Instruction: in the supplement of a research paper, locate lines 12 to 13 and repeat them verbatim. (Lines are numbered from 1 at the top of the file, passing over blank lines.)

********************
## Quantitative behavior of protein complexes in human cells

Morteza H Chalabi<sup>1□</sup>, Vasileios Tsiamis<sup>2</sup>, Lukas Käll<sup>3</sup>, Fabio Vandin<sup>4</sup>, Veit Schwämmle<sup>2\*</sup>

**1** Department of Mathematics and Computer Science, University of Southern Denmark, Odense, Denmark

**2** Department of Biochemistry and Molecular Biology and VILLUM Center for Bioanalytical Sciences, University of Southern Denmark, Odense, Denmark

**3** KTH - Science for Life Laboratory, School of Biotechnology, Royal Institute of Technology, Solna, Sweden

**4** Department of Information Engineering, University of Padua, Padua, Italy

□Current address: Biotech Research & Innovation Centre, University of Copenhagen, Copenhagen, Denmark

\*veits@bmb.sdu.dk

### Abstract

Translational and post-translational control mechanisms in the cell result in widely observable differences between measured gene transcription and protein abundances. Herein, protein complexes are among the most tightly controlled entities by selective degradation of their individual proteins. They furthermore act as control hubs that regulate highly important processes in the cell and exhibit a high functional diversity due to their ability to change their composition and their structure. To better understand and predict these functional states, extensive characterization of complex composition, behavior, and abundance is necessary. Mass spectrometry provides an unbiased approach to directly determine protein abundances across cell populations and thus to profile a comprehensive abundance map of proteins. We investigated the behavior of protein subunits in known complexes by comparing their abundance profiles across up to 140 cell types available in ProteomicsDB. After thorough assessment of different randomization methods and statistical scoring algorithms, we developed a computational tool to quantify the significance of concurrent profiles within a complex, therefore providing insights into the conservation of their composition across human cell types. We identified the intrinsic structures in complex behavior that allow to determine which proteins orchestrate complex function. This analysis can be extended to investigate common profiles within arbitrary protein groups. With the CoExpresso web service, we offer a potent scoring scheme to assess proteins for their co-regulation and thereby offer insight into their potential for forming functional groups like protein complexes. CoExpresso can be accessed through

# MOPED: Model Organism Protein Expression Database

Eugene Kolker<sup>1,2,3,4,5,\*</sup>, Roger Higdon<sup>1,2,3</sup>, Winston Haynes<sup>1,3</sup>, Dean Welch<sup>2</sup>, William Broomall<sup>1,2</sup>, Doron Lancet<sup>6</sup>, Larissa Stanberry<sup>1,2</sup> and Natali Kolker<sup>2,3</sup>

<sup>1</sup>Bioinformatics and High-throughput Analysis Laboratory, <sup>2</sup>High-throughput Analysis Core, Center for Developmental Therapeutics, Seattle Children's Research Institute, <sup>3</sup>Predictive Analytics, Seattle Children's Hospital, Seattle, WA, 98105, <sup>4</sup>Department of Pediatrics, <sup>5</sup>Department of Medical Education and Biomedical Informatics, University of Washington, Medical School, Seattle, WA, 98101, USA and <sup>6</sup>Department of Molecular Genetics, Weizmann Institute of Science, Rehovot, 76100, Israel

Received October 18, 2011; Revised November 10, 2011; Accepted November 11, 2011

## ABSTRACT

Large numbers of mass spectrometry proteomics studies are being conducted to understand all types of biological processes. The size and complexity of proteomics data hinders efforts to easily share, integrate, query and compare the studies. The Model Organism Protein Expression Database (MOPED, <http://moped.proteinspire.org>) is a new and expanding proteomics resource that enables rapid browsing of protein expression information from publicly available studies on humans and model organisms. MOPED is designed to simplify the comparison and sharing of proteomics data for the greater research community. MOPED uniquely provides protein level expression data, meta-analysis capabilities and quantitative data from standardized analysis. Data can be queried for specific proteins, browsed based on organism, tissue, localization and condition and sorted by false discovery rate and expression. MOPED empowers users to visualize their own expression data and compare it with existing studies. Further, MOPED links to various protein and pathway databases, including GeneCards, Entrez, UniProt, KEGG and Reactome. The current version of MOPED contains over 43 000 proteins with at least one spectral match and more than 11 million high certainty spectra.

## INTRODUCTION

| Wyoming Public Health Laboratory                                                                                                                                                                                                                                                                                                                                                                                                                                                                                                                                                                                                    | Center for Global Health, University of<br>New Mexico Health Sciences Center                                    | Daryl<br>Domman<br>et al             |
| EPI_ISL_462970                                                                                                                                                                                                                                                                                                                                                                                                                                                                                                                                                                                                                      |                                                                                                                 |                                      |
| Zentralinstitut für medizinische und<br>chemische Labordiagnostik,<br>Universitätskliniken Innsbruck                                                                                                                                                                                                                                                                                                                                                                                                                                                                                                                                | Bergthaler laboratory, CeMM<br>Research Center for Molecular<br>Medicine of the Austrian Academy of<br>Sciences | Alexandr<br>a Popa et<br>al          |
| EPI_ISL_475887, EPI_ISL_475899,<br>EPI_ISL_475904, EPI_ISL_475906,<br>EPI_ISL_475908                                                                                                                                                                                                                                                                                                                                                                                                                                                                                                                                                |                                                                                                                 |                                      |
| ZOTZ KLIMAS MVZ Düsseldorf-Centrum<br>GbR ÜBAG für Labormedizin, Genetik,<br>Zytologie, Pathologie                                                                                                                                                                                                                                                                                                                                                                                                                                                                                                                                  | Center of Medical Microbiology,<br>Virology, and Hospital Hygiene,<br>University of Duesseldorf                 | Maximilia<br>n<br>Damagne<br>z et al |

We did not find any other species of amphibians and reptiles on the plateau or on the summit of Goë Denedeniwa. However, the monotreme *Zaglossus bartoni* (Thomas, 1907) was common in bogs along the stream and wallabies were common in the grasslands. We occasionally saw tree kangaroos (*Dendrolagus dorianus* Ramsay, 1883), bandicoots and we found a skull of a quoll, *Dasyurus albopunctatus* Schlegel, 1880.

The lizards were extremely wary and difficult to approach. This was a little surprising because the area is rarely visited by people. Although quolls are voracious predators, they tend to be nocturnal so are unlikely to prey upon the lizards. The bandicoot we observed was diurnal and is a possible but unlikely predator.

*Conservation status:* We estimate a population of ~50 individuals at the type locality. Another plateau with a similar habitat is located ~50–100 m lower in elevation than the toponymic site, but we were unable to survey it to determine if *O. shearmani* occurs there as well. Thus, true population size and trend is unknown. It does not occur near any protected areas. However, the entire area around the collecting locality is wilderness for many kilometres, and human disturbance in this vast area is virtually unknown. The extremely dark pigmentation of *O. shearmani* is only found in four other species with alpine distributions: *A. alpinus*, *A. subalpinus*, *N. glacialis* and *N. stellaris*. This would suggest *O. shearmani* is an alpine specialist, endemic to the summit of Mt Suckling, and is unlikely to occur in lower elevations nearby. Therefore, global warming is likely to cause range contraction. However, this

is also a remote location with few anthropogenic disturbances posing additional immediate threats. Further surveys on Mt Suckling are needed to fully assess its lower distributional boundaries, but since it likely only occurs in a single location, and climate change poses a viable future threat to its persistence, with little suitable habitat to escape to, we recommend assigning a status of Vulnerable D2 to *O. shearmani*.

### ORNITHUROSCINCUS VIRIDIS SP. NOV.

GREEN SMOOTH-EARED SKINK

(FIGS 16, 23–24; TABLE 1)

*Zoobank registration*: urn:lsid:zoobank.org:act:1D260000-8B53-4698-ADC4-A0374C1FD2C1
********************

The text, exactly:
Eugene Kolker<sup>1,2,3,4,5,\*</sup>, Roger Higdon<sup>1,2,3</sup>, Winston Haynes<sup>1,3</sup>, Dean Welch<sup>2</sup>, William Broomall<sup>1,2</sup>, Doron Lancet<sup>6</sup>, Larissa Stanberry<sup>1,2</sup> and Natali Kolker<sup>2,3</sup>

<sup>1</sup>Bioinformatics and High-throughput Analysis Laboratory, <sup>2</sup>High-throughput Analysis Core, Center for Developmental Therapeutics, Seattle Children's Research Institute, <sup>3</sup>Predictive Analytics, Seattle Children's Hospital, Seattle, WA, 98105, <sup>4</sup>Department of Pediatrics, <sup>5</sup>Department of Medical Education and Biomedical Informatics, University of Washington, Medical School, Seattle, WA, 98101, USA and <sup>6</sup>Department of Molecular Genetics, Weizmann Institute of Science, Rehovot, 76100, Israel